In a story in yesterday's Times Union Confidential blog it is reported that the Food Industry Alliance is upset that its long time nemesis, Judy Enck, now Governor Spitzer's top environmental assistant, has been meeting in secret with representatives of Tomra, a company that manufactures and distributes reverse vending machines. The beef? Apparently Ms. Enck has excluded any discussions with the industry group.
The thrust of the attack, however, is that Spitzer is somehow violating his pledge of open government by not talking to the industry. I suppose they have a point but the Governor seems committed to the expansion and the industry's arguments are unchanged, and have remained so since around 1981. Our take is that if they want an audience it would help if they had something new to add to the debate.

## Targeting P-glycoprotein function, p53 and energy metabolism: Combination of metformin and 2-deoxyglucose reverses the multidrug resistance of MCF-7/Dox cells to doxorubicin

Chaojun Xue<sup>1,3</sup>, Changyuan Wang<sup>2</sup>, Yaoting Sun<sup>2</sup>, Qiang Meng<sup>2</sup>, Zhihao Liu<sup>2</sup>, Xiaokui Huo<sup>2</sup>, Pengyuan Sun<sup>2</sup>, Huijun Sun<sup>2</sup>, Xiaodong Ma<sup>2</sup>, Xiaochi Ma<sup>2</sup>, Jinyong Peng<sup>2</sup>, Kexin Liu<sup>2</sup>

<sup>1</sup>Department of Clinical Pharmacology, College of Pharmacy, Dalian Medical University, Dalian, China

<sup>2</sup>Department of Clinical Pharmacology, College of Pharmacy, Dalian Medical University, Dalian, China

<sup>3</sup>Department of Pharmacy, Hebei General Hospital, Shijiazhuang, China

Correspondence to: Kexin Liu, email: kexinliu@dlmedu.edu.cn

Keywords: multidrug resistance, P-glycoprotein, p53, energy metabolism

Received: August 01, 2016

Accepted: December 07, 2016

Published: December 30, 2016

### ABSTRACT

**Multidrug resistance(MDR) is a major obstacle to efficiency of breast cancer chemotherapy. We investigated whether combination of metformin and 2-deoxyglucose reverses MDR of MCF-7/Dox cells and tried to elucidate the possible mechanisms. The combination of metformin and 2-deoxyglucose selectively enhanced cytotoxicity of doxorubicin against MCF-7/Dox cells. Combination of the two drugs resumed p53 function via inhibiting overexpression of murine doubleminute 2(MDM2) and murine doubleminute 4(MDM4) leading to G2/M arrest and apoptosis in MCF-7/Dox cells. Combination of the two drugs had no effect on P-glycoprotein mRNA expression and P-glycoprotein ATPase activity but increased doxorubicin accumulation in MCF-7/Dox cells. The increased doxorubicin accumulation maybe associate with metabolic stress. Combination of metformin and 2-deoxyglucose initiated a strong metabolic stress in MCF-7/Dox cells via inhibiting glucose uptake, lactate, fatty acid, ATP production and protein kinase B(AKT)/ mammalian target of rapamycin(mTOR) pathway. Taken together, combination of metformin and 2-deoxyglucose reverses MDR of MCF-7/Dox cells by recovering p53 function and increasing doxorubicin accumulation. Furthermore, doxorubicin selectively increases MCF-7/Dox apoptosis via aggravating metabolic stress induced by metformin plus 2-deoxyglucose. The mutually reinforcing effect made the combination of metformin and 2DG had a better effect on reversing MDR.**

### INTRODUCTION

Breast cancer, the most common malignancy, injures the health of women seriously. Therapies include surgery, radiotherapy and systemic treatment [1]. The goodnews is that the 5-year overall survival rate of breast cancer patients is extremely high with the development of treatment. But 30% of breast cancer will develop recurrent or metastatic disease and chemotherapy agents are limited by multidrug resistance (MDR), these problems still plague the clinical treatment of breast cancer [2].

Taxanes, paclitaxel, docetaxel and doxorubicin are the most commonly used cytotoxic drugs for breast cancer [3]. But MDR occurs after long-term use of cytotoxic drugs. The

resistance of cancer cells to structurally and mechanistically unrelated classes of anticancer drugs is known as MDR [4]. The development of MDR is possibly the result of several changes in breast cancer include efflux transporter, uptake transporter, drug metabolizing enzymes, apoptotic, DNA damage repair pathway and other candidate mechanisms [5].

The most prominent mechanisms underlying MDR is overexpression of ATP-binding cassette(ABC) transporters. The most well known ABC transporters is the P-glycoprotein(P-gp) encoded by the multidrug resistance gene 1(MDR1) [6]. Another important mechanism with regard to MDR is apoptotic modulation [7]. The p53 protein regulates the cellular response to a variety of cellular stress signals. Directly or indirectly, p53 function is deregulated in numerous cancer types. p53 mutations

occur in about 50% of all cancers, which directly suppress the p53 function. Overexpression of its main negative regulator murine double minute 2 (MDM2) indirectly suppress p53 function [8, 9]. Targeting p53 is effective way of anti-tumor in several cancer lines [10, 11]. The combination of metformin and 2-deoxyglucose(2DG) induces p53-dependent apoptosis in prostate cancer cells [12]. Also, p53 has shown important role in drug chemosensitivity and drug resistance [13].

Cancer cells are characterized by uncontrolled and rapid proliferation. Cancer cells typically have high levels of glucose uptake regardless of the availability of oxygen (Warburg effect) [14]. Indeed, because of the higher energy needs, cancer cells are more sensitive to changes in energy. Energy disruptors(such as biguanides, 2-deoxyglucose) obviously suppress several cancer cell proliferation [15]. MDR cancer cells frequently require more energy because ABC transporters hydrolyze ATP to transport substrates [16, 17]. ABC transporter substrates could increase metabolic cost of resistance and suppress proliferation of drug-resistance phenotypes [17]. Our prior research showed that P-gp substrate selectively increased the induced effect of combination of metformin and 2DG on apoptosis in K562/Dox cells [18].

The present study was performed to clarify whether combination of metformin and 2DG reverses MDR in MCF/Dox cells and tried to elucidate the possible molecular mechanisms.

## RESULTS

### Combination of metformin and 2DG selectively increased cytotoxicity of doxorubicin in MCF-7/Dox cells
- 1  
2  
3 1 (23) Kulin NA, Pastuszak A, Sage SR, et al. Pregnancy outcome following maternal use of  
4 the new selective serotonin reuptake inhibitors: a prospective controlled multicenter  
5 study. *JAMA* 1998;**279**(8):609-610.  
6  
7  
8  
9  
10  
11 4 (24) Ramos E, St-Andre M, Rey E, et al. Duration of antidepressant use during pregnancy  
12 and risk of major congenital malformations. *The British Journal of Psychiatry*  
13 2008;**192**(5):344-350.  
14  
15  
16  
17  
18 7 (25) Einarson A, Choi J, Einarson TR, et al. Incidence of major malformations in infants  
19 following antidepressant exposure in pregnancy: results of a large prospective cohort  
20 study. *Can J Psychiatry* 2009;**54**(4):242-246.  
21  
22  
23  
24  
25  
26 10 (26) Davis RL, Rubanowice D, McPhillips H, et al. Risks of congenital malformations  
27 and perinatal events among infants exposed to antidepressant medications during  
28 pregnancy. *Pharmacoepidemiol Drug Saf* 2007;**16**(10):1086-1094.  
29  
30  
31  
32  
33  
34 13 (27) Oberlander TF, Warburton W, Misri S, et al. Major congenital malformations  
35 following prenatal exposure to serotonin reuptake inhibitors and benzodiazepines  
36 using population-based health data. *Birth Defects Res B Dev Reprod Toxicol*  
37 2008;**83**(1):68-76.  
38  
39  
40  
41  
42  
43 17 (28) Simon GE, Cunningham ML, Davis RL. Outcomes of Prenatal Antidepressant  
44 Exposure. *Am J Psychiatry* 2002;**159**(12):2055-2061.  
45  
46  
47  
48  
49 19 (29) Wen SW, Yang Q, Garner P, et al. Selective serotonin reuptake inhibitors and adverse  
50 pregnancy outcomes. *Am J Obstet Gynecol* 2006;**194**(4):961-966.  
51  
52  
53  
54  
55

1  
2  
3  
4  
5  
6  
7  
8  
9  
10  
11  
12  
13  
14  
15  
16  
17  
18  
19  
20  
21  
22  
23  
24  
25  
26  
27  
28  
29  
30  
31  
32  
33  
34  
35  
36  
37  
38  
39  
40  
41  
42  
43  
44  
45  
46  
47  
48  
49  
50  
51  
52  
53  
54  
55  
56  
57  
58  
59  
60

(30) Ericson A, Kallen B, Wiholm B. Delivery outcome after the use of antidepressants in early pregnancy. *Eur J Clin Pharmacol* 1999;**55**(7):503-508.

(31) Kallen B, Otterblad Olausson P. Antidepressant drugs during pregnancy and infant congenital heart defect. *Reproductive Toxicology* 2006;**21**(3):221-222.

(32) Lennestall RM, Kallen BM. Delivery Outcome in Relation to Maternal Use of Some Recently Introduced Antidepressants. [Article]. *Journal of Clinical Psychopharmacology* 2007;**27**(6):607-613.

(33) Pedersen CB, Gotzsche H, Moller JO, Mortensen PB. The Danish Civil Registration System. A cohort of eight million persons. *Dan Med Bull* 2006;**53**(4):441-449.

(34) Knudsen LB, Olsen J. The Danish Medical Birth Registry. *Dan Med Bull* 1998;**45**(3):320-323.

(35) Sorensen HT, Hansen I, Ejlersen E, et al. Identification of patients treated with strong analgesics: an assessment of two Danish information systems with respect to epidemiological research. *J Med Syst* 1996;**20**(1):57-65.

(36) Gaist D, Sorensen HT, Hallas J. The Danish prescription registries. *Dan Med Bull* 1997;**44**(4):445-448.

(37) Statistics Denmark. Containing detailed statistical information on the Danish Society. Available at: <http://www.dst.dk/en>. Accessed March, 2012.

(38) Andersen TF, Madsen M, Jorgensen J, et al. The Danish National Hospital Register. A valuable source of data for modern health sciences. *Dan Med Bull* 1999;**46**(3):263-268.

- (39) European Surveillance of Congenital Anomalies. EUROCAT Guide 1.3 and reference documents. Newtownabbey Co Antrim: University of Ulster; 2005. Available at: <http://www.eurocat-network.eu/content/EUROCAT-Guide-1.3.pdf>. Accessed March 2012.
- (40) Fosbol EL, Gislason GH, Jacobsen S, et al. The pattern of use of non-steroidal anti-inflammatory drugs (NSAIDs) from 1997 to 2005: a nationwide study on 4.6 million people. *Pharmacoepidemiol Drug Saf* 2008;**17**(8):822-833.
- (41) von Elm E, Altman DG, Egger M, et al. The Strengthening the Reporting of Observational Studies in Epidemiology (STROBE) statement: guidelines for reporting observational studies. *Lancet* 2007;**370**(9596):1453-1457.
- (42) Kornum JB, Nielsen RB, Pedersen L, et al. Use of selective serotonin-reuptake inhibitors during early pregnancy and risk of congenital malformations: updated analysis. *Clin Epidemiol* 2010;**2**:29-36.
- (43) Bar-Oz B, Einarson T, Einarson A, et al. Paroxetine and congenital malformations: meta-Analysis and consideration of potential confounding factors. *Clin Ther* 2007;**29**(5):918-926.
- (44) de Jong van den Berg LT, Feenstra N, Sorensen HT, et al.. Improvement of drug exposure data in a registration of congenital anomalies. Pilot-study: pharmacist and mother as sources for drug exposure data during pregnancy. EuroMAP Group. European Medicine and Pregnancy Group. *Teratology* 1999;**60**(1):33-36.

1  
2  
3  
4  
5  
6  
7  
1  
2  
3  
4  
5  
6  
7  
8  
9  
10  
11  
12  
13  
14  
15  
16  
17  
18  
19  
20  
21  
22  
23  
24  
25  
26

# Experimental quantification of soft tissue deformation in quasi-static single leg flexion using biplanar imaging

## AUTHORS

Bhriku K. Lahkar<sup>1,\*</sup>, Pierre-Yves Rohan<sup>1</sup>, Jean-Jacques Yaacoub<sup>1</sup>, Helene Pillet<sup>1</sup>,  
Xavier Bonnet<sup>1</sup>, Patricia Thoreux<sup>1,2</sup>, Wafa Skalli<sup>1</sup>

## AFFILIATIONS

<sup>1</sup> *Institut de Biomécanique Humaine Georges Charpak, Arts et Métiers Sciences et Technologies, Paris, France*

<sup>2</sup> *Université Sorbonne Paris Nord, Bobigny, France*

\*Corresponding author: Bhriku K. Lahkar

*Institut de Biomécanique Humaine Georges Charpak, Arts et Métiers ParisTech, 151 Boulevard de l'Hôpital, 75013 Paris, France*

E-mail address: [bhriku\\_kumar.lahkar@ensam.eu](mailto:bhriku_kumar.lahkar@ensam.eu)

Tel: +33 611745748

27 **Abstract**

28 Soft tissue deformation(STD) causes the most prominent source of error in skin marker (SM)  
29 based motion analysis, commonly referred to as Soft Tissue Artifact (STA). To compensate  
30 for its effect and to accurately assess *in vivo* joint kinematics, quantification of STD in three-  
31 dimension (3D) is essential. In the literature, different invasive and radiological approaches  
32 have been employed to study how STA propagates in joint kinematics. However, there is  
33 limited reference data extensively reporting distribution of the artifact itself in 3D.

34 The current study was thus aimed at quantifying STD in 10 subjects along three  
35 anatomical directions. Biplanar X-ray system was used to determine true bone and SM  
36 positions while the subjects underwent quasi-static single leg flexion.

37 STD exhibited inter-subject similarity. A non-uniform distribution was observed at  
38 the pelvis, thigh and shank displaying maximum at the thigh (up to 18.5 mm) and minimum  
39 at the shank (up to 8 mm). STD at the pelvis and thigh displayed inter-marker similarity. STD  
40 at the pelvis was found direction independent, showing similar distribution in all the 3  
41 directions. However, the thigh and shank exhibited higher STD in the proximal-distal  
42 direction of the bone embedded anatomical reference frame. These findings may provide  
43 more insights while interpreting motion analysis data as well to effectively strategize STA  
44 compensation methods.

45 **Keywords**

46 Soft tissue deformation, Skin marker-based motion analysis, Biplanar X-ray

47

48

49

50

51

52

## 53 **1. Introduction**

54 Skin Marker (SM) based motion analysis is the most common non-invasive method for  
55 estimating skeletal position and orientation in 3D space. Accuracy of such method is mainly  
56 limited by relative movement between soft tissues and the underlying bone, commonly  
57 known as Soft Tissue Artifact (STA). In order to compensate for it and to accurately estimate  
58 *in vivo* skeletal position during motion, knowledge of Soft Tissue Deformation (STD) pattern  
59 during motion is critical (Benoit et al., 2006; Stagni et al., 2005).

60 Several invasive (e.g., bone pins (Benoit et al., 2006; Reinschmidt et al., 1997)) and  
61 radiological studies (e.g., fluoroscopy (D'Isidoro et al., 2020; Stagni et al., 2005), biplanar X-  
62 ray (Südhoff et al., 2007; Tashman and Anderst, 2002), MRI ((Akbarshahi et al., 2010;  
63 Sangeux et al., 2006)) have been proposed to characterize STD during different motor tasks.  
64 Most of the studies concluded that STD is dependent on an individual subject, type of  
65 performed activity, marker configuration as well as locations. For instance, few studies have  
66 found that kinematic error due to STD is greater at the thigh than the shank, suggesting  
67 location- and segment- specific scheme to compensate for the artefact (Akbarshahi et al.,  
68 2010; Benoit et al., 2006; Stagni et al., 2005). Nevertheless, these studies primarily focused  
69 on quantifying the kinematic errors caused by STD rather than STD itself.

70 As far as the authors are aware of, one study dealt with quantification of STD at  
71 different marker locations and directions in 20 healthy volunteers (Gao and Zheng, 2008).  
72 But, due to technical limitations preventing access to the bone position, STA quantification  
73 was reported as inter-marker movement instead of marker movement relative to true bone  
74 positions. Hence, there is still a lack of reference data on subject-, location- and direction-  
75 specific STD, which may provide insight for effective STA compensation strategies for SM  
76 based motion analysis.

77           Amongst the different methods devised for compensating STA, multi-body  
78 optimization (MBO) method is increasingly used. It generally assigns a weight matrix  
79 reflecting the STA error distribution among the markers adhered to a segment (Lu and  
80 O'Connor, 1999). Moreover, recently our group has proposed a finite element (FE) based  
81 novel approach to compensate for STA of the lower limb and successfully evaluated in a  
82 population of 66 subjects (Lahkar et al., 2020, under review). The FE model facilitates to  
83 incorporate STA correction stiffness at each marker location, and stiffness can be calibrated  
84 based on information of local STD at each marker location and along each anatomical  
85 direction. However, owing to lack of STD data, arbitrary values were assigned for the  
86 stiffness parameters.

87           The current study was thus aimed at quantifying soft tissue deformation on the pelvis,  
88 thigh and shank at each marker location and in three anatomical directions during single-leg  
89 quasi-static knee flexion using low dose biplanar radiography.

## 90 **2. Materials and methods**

We've been trying to get the industry folks to look at a different approach since we offered up the third part redemption center concept almost thirty years ago. The theme there was to create a deposit bank that would supervise a third party collection system that would be based on an infrastructure of redemption centers. With increased handling and collection fees it would be feasible to take deposit containers out of the food stores.
The reality is that deposits are an efficient collection and recycling methodology that are much more so than the antiquated and expensive municipal curbside programs. The mistake of the so-called environmentalists is that they want to maintain both systems simultaneously. An expanded deposit system/redemption center infrastructure would make curbside in NYC thankfully obsolete; and relieve the redemption burden for space-constrained stores.